The set-up for The Nail is amazingly straightforward: On the day Jonathan and Martha Kent would, in the "normal" DC Universe, discover a certain crashed rocketship, instead they postpone their trip into town because a nail's flattened one of their truck's tires. Thus they never find the ship, Kal El doesn't become Clark Kent doesn't become Superman. From that one divergence, writer/penciller Alan Davis builds a story that asks, "What would the DC Universe be like without Superman?"
It's a pretty grim place, actually, in which the Justice League of America consists of Aquaman (in the old yellow and green outfit), Atom, Batman, Flash, Green Lantern, Hawkwoman, Martian Manhunter and Wonder Woman. Basically THE classic lineup, only no Superman, and Hawkwoman replaces Hawkman.
Barry Allen is still alive and the Flash.
Green Arrow, crippled in battle, has subsequently gone insane.
Batman, his friendship with Superman never teaching him the benefits of cooperation with other heroes, is at best an ambivalent JLA member. Operating in secrecy, dealing brutally with criminals, he's the superhero most feared and hated by the general populace.
Hawkman is dead; Hawkwoman soldiers on. This is to the good. The Silver Age Hawkgirl (here updated to Hawkwoman) was always criminally underused. Hawkman was the only Silver Age DC hero with a female counterpart as strong-willed, intelligent, competent, and even cooler than himself. The fact she was also his wife showed Hawkman was no dummy, either.
Green Lantern is still Hal Jordan, and, absent Superman, his ring makes him the most powerful hero in the DC Universe.
Lex Luthor, mayor of Metropolis, has turned the city into an anti-metahuman police state in which there are no superheroes but no superpowered crime, either. Because Metropolis never had its own costumed defender to deal with supercriminals, the people support him. Jimmy Olsen is deputy mayor.
Gotham City Police Commissioner Jim Gordon is dead, murdered.
In this world, a propaganda campaign to discredit metahumans moves into action. Without Superman as a universally respected symbol of superheroic good, it enjoys a measure of success. All over Earth, metahumans are beaten and kidnapped, most ominously by the Liberators, masked, black garbed, flying figures with Superman's powers. Most metahumans are put into a concentration camp, some killed outright. Finally, only a handful are left. The story proceeds from there. Who is the mastermind behind this plot? Where is Kal El? How does he fit into it all?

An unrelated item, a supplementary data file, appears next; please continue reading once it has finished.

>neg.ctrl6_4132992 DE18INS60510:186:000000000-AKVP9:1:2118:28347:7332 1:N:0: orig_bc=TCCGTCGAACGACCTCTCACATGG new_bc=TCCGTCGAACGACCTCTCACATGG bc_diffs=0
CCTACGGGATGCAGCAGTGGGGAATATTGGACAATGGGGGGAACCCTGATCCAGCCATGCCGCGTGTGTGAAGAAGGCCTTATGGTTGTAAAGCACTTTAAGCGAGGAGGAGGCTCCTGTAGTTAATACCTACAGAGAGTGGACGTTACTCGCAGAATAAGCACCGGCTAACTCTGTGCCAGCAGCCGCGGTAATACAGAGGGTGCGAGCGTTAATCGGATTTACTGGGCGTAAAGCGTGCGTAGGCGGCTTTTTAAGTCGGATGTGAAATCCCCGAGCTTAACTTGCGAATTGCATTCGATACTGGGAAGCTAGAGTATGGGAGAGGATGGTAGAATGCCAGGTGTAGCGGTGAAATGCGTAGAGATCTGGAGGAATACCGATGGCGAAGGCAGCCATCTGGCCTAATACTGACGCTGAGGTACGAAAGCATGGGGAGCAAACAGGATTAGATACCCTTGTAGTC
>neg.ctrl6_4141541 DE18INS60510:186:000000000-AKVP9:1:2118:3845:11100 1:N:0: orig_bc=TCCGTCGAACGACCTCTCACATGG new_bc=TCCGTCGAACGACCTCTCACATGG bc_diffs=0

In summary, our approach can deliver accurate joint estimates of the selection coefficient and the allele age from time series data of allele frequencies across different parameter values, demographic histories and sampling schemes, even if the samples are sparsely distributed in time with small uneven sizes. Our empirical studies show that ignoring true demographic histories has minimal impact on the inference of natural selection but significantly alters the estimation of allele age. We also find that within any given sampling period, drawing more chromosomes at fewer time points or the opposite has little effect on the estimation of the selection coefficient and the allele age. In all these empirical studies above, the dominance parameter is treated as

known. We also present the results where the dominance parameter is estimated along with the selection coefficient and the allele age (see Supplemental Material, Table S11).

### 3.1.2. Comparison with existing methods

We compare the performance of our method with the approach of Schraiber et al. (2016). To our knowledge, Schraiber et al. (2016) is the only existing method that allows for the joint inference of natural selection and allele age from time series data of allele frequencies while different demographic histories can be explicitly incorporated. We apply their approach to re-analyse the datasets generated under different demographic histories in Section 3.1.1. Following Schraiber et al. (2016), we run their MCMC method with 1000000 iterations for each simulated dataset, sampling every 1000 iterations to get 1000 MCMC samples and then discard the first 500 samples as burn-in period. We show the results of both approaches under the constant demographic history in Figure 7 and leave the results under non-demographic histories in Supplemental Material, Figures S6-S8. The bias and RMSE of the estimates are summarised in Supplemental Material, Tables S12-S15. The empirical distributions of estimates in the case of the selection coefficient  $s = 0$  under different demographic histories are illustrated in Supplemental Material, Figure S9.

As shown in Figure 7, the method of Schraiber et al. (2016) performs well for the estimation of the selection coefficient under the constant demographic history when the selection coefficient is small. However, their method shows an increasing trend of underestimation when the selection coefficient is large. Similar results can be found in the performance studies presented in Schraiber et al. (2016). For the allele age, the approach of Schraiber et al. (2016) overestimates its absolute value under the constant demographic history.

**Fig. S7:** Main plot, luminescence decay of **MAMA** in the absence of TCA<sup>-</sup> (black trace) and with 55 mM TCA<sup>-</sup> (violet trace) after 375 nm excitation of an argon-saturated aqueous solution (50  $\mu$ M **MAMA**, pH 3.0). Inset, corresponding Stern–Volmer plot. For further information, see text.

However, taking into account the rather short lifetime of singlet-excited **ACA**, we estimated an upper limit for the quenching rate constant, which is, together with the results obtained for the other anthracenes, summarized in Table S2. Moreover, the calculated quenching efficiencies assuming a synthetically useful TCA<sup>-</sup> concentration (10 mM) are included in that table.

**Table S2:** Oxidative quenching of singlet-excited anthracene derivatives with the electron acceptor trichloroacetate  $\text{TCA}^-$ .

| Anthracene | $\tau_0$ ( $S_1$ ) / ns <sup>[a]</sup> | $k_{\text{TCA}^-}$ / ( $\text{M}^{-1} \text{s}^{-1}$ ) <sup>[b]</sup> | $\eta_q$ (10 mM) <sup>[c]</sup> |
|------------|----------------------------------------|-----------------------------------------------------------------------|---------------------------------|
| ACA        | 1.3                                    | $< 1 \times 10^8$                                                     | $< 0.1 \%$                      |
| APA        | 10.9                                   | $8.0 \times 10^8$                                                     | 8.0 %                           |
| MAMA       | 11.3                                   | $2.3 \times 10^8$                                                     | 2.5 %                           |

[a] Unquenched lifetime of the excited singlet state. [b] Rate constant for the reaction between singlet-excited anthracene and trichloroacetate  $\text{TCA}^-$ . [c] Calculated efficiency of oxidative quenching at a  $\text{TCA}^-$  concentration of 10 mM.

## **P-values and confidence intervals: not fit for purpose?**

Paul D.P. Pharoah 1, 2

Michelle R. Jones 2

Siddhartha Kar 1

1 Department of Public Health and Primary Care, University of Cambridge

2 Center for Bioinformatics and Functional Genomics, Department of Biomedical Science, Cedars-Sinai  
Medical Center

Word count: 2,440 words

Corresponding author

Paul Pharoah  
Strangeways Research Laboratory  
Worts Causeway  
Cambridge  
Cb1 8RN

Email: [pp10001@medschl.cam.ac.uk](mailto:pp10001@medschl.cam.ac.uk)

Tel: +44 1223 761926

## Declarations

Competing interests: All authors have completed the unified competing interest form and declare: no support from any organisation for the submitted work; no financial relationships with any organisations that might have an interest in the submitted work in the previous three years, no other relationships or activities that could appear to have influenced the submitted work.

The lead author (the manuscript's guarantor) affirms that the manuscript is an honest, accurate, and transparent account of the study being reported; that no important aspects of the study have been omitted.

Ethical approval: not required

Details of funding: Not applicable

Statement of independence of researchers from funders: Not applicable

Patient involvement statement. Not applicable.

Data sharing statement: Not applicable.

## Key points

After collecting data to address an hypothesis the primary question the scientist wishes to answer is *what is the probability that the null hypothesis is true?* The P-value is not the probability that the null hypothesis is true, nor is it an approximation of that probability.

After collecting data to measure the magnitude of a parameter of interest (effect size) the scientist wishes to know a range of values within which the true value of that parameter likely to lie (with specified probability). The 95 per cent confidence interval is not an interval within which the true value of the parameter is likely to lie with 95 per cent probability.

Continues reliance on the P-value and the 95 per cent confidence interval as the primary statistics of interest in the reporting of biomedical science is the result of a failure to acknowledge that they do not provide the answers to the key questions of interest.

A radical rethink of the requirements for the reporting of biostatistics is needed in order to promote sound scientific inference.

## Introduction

The Nail is an excellently written and drawn mainstream superhero tale (if you can call an Elseworlds "imaginary story" mainstream). Alan Davis is a talented writer, but it's his artwork here that will truly blow your mind. He has a real feel, and obvious love, for the Silver Age DC characters. In particular his redesign of Hawkgirl's uniform into Hawkwoman is superb. Every major hero in this story gets their own full-page splash. Each could stand to be framed as it truly captures the essence of a character. Mark Farmer's inking perfectly complements Davis' work.
The rear covers of the original 3-issue mini-series collected in this volume all ran a "colloquial adaptation of a verse by George Herbert (Jacula Prudentum 1651)": "For want of a nail the shoe was lost, for want of a shoe the horse was lost, for want of a horse the knight was lost, for want of a knight the battle was lost. So it was a kingdom was lost - all for want of a nail." It's worth noting that, in addition to the obvious nail in the Kent's tire beginning the story, Superman is "the nail" of the DC Universe, the overriding symbol of everything a superhero should be, that holds together "the kingdom" of the DC Universe. His absence causes all the bad things occurring in The Nail, that nearly destroy every facet of the superheroic ideal on this world.
It's sad that, since 1986 and the post-Crisis revamp of the Man of Steel, the DC Universe hasn't really had Superman, only a character somewhat resembling him. Perhaps, in subversive fashion, that's what Alan Davis is saying in a story in which the "worst of all possible worlds," a world without Superman, isn't all that different from the current DC Universe. In the end - not to give away too much of the story - it's the return of Silver Age virtues that saves the day, and this "DC Universe" as well.
Or perhaps I'm projecting too much into a simple funny book story. Read The Nail, and you decide.